BRADENTON -- At the opening ceremony Thursday afternoon for Manatee County Veterans Track, Judge Andrew Owens made it clear this is a courtroom with a difference.
"Everyone involved actually cares about the individual," Owens said, thanking mayors, law enforcement officers, court officers, veterans advocates and others who helped fill Courtroom 4A.
"They really want them to succeed," Owens said, referring to troubled veterans who land in court facing lower-tier crimes.
The opening ceremony, complete with an honor guard from Ellenton VFW Post 9226, followed the first two official sessions of veterans track.
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Owens called two women veterans forward being assisted in their reintegration to civilian society and praised them for their progress.
"Are you still at Macy's? I am so proud of you. You are like a whole different person," Owens told one. "Keep up the good work. Good job!"
He asked another how many days she had been clean from substance abuse.
Sixty-seven days, she responded.
"I got a really good report on you," Owens said.
The ceremony was the culmination of plans made public in March, overcoming many obstacles to launch veterans track in Manatee County, including a lack of funding.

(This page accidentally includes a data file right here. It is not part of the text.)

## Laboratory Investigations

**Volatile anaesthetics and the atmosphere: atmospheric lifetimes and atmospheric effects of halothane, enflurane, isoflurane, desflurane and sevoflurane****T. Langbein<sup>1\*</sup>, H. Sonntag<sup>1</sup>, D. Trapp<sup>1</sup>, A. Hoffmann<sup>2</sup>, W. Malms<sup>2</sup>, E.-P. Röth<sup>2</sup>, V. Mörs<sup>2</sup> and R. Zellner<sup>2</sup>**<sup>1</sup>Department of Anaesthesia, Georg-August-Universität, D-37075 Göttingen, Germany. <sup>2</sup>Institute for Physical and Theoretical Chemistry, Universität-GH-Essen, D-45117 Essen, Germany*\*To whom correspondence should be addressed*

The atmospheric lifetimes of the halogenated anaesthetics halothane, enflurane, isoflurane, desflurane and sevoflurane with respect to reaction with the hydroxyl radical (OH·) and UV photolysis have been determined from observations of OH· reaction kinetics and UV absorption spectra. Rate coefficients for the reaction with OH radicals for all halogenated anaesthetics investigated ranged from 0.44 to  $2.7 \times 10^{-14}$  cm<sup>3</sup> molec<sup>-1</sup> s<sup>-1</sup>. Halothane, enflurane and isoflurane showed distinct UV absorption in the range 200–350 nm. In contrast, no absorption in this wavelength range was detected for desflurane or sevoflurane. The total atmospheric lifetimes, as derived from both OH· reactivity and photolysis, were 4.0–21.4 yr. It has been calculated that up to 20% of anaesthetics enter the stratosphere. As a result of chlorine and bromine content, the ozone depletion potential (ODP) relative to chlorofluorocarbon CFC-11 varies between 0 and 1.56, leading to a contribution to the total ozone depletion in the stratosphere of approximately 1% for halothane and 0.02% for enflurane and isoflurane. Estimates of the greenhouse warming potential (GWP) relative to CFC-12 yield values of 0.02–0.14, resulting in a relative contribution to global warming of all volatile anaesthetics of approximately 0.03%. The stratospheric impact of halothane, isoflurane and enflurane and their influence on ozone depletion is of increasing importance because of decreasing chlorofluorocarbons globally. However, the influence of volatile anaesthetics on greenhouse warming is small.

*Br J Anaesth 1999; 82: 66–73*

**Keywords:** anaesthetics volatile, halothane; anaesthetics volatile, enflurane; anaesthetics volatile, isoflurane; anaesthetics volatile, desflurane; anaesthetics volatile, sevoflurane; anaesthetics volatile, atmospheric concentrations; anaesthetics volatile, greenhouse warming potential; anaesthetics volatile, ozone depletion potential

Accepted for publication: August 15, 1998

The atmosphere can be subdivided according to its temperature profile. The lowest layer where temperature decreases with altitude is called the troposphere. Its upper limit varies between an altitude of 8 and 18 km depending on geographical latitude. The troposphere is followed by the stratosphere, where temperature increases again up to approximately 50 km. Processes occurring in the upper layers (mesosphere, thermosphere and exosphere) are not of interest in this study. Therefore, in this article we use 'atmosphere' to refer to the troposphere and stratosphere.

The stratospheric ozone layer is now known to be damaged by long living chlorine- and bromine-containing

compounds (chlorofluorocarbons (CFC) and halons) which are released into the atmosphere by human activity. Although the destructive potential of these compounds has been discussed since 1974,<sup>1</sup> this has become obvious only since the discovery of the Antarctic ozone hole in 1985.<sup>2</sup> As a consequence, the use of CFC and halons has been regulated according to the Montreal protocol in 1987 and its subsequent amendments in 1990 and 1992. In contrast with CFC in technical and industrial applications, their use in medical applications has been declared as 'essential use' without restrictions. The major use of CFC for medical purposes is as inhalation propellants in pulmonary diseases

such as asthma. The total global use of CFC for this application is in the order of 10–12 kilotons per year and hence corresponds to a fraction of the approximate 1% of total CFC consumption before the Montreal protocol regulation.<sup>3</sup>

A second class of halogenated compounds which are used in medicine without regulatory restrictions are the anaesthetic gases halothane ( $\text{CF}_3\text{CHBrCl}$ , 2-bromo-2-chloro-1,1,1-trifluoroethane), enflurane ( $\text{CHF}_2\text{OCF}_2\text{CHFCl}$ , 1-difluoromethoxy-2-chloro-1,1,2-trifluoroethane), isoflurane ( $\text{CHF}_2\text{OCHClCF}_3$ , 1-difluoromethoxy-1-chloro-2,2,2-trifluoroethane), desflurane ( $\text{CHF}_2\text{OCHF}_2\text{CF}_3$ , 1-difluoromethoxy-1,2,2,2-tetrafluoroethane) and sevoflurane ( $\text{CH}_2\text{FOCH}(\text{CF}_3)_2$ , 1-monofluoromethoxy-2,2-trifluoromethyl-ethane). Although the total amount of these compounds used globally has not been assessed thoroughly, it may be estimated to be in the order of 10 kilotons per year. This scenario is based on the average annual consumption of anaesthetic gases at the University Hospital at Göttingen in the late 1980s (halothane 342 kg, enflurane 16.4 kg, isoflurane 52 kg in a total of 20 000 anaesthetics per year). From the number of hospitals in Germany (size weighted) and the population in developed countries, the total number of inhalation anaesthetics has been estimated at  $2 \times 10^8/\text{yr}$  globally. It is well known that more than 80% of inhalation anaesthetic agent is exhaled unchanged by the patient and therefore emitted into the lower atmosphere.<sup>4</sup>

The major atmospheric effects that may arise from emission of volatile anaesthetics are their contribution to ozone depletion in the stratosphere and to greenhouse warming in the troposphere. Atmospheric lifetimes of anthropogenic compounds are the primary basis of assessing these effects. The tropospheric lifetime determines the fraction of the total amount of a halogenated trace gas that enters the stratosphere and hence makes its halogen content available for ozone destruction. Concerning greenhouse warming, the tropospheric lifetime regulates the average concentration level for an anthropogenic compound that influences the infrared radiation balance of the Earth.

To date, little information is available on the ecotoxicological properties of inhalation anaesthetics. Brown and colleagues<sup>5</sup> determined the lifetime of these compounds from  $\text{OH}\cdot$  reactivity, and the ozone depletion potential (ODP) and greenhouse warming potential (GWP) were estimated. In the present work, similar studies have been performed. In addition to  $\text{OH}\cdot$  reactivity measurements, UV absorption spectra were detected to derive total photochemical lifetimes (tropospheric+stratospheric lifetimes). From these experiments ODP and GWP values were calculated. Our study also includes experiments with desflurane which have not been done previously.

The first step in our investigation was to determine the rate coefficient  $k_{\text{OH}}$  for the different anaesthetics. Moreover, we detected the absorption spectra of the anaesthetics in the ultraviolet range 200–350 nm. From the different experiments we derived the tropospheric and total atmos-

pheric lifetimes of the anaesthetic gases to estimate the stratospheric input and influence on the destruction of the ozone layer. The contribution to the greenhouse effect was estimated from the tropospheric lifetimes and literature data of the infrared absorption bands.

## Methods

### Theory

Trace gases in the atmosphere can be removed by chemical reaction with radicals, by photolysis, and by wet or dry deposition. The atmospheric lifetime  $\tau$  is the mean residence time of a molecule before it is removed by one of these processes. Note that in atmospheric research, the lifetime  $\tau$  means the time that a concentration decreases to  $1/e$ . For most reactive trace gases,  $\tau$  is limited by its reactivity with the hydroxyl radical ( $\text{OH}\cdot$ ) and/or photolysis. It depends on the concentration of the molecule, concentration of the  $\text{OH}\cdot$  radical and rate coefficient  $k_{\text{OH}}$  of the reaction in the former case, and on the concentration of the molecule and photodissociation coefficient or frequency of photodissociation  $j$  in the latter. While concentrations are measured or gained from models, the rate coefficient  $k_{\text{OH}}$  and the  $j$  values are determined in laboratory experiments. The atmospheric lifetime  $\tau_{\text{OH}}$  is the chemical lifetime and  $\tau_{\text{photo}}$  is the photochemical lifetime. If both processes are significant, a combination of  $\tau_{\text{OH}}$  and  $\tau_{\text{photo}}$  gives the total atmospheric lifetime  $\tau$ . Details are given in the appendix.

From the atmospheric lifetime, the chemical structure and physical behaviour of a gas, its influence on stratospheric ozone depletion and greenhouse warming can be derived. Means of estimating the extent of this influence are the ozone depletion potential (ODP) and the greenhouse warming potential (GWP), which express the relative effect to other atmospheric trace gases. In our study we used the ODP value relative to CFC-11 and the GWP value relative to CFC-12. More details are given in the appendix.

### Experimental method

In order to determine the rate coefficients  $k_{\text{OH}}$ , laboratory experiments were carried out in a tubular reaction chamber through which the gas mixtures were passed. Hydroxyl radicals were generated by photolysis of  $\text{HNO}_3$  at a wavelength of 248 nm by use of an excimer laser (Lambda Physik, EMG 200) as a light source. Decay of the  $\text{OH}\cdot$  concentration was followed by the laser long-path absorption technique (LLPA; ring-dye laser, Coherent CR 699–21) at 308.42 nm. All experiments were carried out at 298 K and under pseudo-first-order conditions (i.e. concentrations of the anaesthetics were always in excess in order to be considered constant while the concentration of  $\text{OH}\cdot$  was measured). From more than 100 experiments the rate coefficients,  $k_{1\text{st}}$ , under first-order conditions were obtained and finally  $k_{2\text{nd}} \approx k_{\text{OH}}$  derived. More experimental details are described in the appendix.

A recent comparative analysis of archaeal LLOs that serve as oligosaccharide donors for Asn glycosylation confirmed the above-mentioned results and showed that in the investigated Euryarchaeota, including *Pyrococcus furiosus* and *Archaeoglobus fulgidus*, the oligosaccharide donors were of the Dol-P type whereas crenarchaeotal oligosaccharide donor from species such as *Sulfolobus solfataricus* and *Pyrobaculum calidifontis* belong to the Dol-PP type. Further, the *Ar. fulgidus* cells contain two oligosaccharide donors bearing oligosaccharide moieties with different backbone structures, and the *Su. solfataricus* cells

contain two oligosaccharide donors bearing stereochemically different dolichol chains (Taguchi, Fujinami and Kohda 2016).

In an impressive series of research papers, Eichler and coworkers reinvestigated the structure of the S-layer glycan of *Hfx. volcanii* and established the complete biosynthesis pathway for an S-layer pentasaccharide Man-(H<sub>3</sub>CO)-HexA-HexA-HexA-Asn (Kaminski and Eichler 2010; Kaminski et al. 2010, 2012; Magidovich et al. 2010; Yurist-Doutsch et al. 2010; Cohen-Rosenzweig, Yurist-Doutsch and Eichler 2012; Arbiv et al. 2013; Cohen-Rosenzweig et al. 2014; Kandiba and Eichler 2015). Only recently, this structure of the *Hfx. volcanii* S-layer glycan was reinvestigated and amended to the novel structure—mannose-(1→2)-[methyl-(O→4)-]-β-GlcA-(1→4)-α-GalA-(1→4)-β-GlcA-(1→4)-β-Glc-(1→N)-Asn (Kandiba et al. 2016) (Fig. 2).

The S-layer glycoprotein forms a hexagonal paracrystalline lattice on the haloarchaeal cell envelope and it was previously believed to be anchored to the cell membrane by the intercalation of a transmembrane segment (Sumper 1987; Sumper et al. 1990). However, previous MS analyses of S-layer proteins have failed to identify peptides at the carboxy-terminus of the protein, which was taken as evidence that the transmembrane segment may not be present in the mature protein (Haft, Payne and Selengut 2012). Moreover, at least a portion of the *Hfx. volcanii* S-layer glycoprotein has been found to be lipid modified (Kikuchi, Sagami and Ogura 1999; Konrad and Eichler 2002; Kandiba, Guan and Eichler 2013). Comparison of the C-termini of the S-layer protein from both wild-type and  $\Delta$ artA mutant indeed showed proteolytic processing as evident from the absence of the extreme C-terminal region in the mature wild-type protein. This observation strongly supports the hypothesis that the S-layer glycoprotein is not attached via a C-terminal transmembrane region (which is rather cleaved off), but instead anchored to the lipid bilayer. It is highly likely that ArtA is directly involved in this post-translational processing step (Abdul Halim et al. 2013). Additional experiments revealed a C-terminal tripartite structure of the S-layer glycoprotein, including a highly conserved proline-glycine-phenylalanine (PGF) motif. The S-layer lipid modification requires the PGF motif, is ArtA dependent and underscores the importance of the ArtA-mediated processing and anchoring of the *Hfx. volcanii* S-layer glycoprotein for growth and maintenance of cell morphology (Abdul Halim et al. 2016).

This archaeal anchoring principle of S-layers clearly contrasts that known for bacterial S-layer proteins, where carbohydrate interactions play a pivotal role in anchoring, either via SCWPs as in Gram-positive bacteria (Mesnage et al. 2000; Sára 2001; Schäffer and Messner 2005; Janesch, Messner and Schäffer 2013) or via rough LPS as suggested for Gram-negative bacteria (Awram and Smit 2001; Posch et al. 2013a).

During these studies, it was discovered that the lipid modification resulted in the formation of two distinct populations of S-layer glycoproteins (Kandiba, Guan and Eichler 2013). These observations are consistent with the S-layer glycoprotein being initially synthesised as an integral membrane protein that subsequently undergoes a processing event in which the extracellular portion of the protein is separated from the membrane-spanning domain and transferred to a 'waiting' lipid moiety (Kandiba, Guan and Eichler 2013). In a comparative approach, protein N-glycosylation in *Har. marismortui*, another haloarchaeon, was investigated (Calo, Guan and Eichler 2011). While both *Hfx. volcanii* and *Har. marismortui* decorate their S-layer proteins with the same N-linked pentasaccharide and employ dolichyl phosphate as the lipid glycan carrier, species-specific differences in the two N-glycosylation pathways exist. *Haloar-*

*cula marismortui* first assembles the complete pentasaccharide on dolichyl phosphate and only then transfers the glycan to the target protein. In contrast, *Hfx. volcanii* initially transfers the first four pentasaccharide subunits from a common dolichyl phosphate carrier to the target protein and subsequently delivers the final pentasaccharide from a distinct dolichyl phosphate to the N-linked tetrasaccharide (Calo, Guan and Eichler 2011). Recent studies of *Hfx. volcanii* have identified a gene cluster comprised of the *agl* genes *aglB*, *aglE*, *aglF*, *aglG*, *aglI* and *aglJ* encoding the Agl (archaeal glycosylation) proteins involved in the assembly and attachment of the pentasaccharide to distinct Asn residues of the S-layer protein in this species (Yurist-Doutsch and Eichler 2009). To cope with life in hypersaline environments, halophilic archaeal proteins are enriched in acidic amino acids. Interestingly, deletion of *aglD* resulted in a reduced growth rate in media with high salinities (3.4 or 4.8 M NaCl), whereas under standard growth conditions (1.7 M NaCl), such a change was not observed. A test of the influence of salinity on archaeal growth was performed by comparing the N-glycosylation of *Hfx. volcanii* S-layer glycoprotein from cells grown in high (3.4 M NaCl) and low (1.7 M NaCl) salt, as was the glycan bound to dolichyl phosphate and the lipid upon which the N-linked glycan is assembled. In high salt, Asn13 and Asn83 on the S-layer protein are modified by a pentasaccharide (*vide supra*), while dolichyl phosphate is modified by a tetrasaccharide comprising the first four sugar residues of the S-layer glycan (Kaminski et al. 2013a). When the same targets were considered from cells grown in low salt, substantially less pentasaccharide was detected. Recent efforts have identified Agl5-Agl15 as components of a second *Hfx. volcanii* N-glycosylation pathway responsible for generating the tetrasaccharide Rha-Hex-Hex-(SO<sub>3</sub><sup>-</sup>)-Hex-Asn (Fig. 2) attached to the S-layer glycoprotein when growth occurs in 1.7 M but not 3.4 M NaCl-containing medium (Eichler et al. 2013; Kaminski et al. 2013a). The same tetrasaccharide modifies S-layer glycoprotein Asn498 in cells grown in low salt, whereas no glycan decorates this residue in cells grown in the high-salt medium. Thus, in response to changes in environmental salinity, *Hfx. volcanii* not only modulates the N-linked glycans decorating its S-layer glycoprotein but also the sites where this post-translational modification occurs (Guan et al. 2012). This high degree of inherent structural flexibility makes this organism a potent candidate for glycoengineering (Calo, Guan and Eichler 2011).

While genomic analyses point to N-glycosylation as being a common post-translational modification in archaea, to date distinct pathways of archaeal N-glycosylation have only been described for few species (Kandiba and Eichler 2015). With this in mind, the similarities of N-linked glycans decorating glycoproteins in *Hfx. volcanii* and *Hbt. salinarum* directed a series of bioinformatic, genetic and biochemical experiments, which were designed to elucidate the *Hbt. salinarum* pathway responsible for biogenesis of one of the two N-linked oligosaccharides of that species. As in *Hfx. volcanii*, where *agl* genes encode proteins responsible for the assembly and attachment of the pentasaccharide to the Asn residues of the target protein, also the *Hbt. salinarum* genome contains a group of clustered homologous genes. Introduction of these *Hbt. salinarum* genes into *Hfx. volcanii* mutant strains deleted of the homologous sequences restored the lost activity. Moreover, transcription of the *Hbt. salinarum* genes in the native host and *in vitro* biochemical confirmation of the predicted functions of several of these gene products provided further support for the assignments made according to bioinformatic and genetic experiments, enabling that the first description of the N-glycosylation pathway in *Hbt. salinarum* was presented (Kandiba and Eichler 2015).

An estimated 11 percent of Manatee County's population served in uniform.
"This is a great day in Manatee County," Owens said, adding he hopes veterans track can be extended to Sarasota County.
The purpose of veterans track is to give vets, who may have post-traumatic stress disorder, traumatic brain injury, or other issues related to their service, "a second swing at-bat," said Harrison Reeder, chief of social work at Bay Pines VA Healthcare System.
"Veterans court is not designed to take away any of the veteran's responsibility, but to give them every opportunity to get their life back together," Reeder said.
In the past 13 years of wars in Iraq and Afghanistan, more than 2 1/2 million veterans have served, a number Reeder called "staggering."
"The problem is that men and women come back with a lot of issues," he said.
Many resources can be used to help ensure troubled vets don't fall into a cycle of repeated arrests, assistant state attorney Lon Arend said.
"It's not always an easy process," he said.
Not every veteran is a candidate for veterans track.
Those who are selected can expect, after they enter a plea, meeting in veterans track on a monthly basis.
Some might get a sanction -- time in jail -- if they fail to do their part, but others will get applause for working to turn their life around, Arend said.
Vets with no prior record who successfully complete veterans track can emerge with their case dismissed and no criminal record.
Rod Haynes, assistant public defender, also addressed the ceremonial gathering.
"This really starts when the veteran is arrested. Frequently the veteran doesn't identify themselves," Haynes said.
The public defender represents many vets who end up in the court system because they are jobless or homeless.
"Every inch of the way we are trying to focus their attention on their needs and prevent them from becoming repeat offenders, Haynes said.
James A. Jones Jr., East Manatee reporter, can be contacted at 941-745-7053 or on Twitter@jajones1.